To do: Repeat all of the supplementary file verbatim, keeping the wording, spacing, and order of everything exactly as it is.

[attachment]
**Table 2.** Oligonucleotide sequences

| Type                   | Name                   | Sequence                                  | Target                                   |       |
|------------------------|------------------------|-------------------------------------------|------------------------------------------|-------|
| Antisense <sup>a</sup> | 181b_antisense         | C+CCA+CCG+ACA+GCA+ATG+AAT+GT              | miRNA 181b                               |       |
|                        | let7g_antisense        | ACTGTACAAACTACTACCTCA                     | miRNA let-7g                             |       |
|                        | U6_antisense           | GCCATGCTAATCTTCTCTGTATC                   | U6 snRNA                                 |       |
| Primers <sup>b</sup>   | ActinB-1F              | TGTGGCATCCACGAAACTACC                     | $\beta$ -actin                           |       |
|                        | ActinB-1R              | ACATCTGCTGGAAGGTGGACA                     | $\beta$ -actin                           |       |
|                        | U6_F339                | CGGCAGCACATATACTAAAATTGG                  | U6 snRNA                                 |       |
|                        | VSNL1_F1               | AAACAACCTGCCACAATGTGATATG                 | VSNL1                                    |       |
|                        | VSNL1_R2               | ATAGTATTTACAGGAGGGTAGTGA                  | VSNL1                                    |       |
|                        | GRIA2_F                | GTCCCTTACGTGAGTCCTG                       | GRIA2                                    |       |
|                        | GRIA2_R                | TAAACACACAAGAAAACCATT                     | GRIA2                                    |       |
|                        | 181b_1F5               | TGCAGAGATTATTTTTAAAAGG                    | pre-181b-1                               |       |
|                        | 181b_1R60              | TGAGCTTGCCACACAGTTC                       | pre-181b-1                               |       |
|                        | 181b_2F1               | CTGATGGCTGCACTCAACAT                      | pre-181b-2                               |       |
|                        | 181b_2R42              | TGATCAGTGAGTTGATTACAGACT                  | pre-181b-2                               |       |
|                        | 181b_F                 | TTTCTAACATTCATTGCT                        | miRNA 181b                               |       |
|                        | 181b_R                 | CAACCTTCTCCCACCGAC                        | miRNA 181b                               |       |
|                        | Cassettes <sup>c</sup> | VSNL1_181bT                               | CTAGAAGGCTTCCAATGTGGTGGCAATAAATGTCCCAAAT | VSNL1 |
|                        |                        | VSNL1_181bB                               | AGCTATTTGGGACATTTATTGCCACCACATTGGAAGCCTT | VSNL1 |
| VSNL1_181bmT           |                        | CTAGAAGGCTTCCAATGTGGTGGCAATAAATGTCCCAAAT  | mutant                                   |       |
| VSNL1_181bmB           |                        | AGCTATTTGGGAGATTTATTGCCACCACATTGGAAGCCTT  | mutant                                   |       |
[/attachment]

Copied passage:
**Table 2.** Oligonucleotide sequences

| Type                   | Name                   | Sequence                                  | Target                                   |       |
|------------------------|------------------------|-------------------------------------------|------------------------------------------|-------|
| Antisense <sup>a</sup> | 181b_antisense         | C+CCA+CCG+ACA+GCA+ATG+AAT+GT              | miRNA 181b                               |       |
|                        | let7g_antisense        | ACTGTACAAACTACTACCTCA                     | miRNA let-7g                             |       |
|                        | U6_antisense           | GCCATGCTAATCTTCTCTGTATC                   | U6 snRNA                                 |       |
| Primers <sup>b</sup>   | ActinB-1F              | TGTGGCATCCACGAAACTACC                     | $\beta$ -actin                           |       |
|                        | ActinB-1R              | ACATCTGCTGGAAGGTGGACA                     | $\beta$ -actin                           |       |
|                        | U6_F339                | CGGCAGCACATATACTAAAATTGG                  | U6 snRNA                                 |       |
|                        | VSNL1_F1               | AAACAACCTGCCACAATGTGATATG                 | VSNL1                                    |       |
|                        | VSNL1_R2               | ATAGTATTTACAGGAGGGTAGTGA                  | VSNL1                                    |       |
|                        | GRIA2_F                | GTCCCTTACGTGAGTCCTG                       | GRIA2                                    |       |
|                        | GRIA2_R                | TAAACACACAAGAAAACCATT                     | GRIA2                                    |       |
|                        | 181b_1F5               | TGCAGAGATTATTTTTAAAAGG                    | pre-181b-1                               |       |
|                        | 181b_1R60              | TGAGCTTGCCACACAGTTC                       | pre-181b-1                               |       |
|                        | 181b_2F1               | CTGATGGCTGCACTCAACAT                      | pre-181b-2                               |       |
|                        | 181b_2R42              | TGATCAGTGAGTTGATTACAGACT                  | pre-181b-2                               |       |
|                        | 181b_F                 | TTTCTAACATTCATTGCT                        | miRNA 181b                               |       |
|                        | 181b_R                 | CAACCTTCTCCCACCGAC                        | miRNA 181b                               |       |
|                        | Cassettes <sup>c</sup> | VSNL1_181bT                               | CTAGAAGGCTTCCAATGTGGTGGCAATAAATGTCCCAAAT | VSNL1 |
|                        |                        | VSNL1_181bB                               | AGCTATTTGGGACATTTATTGCCACCACATTGGAAGCCTT | VSNL1 |
| VSNL1_181bmT           |                        | CTAGAAGGCTTCCAATGTGGTGGCAATAAATGTCCCAAAT  | mutant                                   |       |
| VSNL1_181bmB           |                        | AGCTATTTGGGAGATTTATTGCCACCACATTGGAAGCCTT  | mutant                                   |       |